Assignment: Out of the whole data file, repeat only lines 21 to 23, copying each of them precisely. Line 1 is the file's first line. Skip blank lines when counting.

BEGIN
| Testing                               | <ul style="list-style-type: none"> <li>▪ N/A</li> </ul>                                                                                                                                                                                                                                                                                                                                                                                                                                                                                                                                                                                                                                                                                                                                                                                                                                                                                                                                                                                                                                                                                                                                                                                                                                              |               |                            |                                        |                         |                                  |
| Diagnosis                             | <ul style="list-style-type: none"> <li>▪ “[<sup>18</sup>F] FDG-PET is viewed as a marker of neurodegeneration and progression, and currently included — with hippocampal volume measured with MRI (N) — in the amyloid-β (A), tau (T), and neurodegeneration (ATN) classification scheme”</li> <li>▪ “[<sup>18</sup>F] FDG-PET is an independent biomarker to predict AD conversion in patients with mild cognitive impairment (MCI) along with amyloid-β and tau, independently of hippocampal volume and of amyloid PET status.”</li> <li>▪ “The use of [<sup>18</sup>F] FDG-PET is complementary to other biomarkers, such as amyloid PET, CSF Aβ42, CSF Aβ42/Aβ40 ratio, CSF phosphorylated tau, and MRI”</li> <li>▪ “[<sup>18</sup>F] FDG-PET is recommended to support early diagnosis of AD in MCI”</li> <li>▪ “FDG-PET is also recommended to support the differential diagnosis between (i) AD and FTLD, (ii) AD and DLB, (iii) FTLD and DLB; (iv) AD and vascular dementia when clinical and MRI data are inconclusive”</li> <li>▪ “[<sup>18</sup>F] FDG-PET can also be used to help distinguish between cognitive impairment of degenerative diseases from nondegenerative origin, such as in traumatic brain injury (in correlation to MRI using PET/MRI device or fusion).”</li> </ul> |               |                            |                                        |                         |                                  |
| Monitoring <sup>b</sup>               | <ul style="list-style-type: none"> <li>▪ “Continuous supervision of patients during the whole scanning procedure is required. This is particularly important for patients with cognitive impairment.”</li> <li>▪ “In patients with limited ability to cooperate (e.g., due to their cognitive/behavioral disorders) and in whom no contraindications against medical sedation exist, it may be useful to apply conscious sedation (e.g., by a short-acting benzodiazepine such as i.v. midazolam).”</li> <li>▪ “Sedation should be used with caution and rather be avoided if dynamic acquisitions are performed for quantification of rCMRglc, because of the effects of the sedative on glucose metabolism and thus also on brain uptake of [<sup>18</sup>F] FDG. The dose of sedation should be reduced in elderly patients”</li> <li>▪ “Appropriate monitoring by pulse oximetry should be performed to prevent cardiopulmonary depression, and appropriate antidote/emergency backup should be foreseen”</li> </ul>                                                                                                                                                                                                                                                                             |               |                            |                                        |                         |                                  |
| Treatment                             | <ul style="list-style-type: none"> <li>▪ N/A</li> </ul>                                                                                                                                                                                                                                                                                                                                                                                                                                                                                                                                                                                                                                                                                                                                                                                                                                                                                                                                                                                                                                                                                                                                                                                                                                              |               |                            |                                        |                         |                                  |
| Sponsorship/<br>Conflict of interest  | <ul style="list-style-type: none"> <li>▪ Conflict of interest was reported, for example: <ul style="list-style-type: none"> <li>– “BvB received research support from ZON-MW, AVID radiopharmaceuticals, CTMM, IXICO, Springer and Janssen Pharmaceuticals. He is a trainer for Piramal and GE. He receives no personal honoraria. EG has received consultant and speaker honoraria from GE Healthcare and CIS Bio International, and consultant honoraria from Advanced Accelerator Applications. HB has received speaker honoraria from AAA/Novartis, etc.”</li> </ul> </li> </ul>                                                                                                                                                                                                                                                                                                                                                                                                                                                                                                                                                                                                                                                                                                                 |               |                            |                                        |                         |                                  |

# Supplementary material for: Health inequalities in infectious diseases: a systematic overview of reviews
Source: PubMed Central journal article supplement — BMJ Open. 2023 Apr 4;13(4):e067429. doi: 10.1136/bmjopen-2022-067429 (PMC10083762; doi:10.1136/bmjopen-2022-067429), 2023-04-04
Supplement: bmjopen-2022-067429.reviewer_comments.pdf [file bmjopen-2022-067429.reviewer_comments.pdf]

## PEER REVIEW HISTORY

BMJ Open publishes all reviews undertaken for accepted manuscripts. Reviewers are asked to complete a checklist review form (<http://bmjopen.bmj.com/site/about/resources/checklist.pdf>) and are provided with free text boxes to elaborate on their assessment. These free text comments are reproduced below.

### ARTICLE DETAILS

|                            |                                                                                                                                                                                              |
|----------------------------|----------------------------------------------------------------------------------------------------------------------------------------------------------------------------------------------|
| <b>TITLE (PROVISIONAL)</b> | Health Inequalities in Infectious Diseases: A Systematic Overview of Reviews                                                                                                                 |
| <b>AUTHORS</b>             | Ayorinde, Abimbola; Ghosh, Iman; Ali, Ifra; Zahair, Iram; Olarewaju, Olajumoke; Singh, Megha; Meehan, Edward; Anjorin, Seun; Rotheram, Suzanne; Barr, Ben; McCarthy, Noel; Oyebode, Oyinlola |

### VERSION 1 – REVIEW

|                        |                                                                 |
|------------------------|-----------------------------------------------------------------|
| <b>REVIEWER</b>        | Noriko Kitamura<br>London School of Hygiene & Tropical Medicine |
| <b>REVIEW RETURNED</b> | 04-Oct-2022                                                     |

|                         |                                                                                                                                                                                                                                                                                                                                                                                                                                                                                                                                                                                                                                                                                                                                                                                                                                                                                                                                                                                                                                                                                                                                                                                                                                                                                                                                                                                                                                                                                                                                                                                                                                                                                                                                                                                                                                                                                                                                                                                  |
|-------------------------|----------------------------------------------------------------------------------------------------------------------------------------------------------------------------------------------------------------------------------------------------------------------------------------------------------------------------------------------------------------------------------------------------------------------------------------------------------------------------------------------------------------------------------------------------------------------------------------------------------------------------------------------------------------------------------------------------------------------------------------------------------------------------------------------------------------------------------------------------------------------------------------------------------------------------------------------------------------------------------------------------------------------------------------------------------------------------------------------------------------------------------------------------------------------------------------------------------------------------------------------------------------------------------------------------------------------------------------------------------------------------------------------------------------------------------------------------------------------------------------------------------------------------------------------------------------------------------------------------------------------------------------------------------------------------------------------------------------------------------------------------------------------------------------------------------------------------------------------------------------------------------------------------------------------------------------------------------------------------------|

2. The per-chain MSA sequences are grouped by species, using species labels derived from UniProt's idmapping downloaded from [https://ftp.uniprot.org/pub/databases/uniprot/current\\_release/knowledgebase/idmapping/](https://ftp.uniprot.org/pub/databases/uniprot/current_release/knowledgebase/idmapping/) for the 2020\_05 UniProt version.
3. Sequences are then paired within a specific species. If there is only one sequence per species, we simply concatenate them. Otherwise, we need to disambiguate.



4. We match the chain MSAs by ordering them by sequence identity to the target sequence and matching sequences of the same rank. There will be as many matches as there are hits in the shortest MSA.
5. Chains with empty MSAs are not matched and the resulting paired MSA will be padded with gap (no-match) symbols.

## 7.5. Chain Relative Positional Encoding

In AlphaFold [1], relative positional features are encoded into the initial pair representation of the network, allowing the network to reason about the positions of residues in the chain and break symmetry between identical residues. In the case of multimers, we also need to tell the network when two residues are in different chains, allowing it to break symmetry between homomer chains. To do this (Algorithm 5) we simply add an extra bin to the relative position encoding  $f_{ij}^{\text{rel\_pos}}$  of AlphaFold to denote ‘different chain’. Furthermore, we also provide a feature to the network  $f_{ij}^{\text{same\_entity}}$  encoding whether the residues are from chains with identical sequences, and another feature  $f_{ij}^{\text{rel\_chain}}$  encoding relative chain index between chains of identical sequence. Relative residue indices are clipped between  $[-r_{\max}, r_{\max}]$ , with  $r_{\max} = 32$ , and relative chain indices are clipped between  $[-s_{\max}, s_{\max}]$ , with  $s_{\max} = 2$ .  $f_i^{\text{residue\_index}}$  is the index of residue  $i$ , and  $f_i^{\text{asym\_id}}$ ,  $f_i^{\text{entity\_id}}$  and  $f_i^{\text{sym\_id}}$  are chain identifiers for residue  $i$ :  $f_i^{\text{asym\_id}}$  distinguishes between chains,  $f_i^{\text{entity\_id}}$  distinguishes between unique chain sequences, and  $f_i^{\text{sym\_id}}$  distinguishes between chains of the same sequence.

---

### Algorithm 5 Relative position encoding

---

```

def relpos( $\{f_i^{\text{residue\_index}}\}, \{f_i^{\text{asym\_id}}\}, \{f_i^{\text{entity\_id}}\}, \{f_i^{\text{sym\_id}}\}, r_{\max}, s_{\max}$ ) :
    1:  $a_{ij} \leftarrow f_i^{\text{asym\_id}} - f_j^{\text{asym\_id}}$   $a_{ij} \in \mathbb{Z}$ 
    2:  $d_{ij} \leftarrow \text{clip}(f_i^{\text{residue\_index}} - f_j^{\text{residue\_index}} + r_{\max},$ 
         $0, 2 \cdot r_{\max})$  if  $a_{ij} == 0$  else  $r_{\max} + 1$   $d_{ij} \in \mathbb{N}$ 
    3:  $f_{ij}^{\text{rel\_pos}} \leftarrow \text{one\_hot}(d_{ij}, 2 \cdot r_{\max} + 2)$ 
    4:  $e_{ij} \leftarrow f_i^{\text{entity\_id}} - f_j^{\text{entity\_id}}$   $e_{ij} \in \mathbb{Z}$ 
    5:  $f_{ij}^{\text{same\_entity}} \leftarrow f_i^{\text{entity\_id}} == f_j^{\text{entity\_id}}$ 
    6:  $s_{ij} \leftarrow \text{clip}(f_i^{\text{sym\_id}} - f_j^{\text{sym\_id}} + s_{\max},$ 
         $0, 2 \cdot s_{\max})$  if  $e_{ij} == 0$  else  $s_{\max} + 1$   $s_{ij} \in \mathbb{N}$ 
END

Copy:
|                         |                                                                                                                                                                                                                                                                                                                                                                                                                                                                                                                                                                                                                                                                                                                                                                                                                                                                                                                                                                                                                                                                                                                                                                                                                                                                                                                                                                                                                                                                                                                                                                                                                                                                                                                                                                                                                                                                                                                                                                                  |
|-------------------------|----------------------------------------------------------------------------------------------------------------------------------------------------------------------------------------------------------------------------------------------------------------------------------------------------------------------------------------------------------------------------------------------------------------------------------------------------------------------------------------------------------------------------------------------------------------------------------------------------------------------------------------------------------------------------------------------------------------------------------------------------------------------------------------------------------------------------------------------------------------------------------------------------------------------------------------------------------------------------------------------------------------------------------------------------------------------------------------------------------------------------------------------------------------------------------------------------------------------------------------------------------------------------------------------------------------------------------------------------------------------------------------------------------------------------------------------------------------------------------------------------------------------------------------------------------------------------------------------------------------------------------------------------------------------------------------------------------------------------------------------------------------------------------------------------------------------------------------------------------------------------------------------------------------------------------------------------------------------------------|

2. The per-chain MSA sequences are grouped by species, using species labels derived from UniProt's idmapping downloaded from [https://ftp.uniprot.org/pub/databases/uniprot/current\\_release/knowledgebase/idmapping/](https://ftp.uniprot.org/pub/databases/uniprot/current_release/knowledgebase/idmapping/) for the 2020\_05 UniProt version.